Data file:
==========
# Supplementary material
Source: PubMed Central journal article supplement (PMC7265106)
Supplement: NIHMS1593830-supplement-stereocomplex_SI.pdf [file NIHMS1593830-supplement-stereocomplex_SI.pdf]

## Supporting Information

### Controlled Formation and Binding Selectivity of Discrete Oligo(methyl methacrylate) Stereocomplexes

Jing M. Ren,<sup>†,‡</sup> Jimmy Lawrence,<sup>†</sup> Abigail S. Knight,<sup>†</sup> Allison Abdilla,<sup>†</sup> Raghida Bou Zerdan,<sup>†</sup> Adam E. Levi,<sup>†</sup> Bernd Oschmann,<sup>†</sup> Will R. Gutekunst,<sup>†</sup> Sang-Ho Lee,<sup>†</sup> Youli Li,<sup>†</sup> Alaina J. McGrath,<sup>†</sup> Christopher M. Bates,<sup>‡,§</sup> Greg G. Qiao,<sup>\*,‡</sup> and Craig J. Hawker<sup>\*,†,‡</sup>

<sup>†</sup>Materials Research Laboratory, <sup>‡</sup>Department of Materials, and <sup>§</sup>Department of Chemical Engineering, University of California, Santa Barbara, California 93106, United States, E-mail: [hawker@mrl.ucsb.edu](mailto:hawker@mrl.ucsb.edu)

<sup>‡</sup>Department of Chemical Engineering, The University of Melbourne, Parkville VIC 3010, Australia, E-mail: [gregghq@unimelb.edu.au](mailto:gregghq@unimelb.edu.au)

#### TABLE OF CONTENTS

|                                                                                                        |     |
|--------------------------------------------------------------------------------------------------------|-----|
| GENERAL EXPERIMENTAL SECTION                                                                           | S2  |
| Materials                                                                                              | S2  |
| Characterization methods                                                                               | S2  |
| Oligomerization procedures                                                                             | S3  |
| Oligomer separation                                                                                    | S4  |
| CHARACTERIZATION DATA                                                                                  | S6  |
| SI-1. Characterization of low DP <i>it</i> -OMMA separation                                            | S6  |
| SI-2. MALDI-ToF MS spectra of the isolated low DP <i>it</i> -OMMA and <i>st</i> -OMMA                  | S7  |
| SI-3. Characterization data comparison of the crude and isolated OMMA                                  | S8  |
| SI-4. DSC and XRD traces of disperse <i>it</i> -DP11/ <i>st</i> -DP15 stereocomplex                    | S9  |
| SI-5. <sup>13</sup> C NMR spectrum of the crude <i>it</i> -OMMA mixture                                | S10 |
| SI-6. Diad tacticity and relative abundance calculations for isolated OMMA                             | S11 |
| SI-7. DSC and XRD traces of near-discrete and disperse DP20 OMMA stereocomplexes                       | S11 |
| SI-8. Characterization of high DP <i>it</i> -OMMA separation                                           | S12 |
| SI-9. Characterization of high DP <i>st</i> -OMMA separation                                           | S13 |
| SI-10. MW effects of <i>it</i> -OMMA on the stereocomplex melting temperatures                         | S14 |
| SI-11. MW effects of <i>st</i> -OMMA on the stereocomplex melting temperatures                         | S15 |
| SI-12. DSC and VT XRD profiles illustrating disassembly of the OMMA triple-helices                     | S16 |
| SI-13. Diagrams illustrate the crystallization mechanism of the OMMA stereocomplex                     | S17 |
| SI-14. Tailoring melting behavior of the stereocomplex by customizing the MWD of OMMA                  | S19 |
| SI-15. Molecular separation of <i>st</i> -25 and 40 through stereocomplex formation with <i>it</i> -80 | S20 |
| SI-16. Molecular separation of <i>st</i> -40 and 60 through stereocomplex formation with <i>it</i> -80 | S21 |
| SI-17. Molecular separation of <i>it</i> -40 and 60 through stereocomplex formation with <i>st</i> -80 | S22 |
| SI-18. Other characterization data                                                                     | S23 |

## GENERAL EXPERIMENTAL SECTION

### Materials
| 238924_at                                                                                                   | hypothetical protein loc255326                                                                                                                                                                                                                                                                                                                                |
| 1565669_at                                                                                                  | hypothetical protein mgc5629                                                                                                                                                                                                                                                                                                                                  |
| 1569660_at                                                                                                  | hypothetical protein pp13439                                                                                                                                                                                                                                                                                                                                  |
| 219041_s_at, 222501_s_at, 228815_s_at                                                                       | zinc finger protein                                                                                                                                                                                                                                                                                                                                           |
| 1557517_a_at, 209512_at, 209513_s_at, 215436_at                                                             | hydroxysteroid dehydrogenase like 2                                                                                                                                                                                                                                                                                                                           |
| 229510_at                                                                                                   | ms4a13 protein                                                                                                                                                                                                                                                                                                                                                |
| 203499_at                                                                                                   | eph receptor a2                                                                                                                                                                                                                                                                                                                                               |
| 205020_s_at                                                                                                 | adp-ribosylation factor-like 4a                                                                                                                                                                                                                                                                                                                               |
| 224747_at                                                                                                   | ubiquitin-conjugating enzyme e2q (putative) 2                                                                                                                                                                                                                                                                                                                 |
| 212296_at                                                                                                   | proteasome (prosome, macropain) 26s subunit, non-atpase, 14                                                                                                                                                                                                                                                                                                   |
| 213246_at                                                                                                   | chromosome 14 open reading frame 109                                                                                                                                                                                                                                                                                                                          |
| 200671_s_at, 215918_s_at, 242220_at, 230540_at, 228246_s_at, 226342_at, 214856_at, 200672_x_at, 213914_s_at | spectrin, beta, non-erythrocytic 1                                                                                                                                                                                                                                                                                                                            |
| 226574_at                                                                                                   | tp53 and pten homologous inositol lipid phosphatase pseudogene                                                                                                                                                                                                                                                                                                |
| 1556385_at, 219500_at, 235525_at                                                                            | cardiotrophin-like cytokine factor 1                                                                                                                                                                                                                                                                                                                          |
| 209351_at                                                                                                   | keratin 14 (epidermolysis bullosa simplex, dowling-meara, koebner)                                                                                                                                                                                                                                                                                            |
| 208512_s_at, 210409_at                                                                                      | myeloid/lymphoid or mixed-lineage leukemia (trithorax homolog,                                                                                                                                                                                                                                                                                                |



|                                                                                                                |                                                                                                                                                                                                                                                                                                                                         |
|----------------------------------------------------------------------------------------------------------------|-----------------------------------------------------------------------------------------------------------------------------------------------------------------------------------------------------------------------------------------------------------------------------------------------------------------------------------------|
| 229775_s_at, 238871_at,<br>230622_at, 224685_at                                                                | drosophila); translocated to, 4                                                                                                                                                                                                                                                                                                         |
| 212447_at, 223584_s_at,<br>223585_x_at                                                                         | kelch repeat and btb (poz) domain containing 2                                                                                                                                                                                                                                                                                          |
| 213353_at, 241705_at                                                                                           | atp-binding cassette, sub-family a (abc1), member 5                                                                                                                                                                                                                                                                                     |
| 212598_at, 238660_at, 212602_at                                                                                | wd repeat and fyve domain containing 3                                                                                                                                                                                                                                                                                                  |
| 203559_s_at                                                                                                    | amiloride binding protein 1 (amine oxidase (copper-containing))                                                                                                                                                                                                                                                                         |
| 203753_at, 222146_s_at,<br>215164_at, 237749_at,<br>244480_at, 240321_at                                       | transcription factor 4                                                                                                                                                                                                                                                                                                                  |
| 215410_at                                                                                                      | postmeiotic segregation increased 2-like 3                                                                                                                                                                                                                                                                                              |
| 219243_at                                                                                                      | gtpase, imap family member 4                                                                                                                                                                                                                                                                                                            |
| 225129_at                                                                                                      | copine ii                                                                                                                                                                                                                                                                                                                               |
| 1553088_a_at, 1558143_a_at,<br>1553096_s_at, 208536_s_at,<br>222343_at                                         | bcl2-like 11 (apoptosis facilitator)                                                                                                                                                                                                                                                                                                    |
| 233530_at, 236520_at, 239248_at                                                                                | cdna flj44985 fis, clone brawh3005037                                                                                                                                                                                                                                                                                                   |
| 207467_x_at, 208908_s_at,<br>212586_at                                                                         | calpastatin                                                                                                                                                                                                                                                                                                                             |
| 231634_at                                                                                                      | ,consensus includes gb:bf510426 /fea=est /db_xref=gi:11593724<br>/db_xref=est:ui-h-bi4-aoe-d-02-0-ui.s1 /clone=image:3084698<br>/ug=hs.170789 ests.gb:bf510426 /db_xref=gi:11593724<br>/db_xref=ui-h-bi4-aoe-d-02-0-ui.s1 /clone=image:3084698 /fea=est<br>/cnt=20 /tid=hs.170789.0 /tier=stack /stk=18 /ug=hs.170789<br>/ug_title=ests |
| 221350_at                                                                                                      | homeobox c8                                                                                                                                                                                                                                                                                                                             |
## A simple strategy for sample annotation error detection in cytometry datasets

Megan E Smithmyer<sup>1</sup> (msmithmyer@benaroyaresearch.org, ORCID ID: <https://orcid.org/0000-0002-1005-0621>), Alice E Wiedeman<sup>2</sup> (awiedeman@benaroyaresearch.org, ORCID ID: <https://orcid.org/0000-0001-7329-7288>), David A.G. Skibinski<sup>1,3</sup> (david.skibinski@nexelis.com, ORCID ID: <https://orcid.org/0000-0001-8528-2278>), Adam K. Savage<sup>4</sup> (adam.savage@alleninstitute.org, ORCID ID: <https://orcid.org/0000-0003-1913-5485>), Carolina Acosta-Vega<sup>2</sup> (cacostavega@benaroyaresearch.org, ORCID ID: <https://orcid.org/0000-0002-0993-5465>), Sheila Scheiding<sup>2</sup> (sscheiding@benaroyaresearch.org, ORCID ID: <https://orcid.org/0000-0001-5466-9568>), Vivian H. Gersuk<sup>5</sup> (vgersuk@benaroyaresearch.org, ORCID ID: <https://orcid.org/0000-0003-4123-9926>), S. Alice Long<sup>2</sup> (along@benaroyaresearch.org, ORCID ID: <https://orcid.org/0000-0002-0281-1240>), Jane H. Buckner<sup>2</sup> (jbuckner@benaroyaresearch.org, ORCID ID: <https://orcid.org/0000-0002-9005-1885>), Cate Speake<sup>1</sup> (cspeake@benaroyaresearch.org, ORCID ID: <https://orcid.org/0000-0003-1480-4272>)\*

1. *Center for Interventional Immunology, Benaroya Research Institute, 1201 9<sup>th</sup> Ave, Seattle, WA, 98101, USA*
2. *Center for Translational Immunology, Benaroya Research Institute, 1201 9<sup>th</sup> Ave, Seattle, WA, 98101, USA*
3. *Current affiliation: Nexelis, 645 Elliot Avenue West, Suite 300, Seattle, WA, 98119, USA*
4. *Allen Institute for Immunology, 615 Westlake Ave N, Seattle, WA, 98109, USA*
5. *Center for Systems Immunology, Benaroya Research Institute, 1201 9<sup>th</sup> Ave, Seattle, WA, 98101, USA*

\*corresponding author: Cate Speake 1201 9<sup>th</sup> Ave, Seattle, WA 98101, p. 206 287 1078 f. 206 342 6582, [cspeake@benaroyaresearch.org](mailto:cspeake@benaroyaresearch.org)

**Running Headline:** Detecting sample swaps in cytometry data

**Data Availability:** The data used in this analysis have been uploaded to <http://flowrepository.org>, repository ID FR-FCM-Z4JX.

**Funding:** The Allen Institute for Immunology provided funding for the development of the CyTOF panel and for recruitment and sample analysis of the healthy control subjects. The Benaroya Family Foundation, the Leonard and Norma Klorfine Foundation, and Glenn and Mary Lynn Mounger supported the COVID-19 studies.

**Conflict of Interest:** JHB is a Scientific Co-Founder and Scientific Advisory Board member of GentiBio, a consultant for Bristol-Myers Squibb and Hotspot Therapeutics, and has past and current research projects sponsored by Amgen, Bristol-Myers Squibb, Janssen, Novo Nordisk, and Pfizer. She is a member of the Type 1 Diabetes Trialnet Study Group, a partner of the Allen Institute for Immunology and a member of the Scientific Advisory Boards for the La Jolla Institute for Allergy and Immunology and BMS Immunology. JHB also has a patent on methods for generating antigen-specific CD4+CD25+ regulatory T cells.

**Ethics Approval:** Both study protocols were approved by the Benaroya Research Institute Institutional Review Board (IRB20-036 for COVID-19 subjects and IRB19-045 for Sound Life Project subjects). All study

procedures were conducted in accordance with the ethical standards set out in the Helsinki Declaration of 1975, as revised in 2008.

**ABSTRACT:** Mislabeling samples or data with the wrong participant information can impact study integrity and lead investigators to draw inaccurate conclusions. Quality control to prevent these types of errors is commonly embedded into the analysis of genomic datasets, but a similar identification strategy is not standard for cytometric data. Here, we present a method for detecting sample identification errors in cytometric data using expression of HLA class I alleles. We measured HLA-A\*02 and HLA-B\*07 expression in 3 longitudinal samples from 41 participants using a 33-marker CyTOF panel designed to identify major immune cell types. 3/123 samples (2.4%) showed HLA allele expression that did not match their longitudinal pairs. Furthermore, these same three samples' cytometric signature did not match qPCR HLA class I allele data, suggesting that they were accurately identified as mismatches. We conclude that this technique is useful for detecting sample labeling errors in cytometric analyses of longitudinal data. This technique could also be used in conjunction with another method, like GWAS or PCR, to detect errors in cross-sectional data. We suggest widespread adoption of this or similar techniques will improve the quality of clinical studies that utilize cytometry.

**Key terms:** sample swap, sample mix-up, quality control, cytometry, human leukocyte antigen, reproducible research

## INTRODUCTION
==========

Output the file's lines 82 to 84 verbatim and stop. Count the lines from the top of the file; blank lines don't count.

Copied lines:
**Ethics Approval:** Both study protocols were approved by the Benaroya Research Institute Institutional Review Board (IRB20-036 for COVID-19 subjects and IRB19-045 for Sound Life Project subjects). All study

procedures were conducted in accordance with the ethical standards set out in the Helsinki Declaration of 1975, as revised in 2008.

**ABSTRACT:** Mislabeling samples or data with the wrong participant information can impact study integrity and lead investigators to draw inaccurate conclusions. Quality control to prevent these types of errors is commonly embedded into the analysis of genomic datasets, but a similar identification strategy is not standard for cytometric data. Here, we present a method for detecting sample identification errors in cytometric data using expression of HLA class I alleles. We measured HLA-A\*02 and HLA-B\*07 expression in 3 longitudinal samples from 41 participants using a 33-marker CyTOF panel designed to identify major immune cell types. 3/123 samples (2.4%) showed HLA allele expression that did not match their longitudinal pairs. Furthermore, these same three samples' cytometric signature did not match qPCR HLA class I allele data, suggesting that they were accurately identified as mismatches. We conclude that this technique is useful for detecting sample labeling errors in cytometric analyses of longitudinal data. This technique could also be used in conjunction with another method, like GWAS or PCR, to detect errors in cross-sectional data. We suggest widespread adoption of this or similar techniques will improve the quality of clinical studies that utilize cytometry.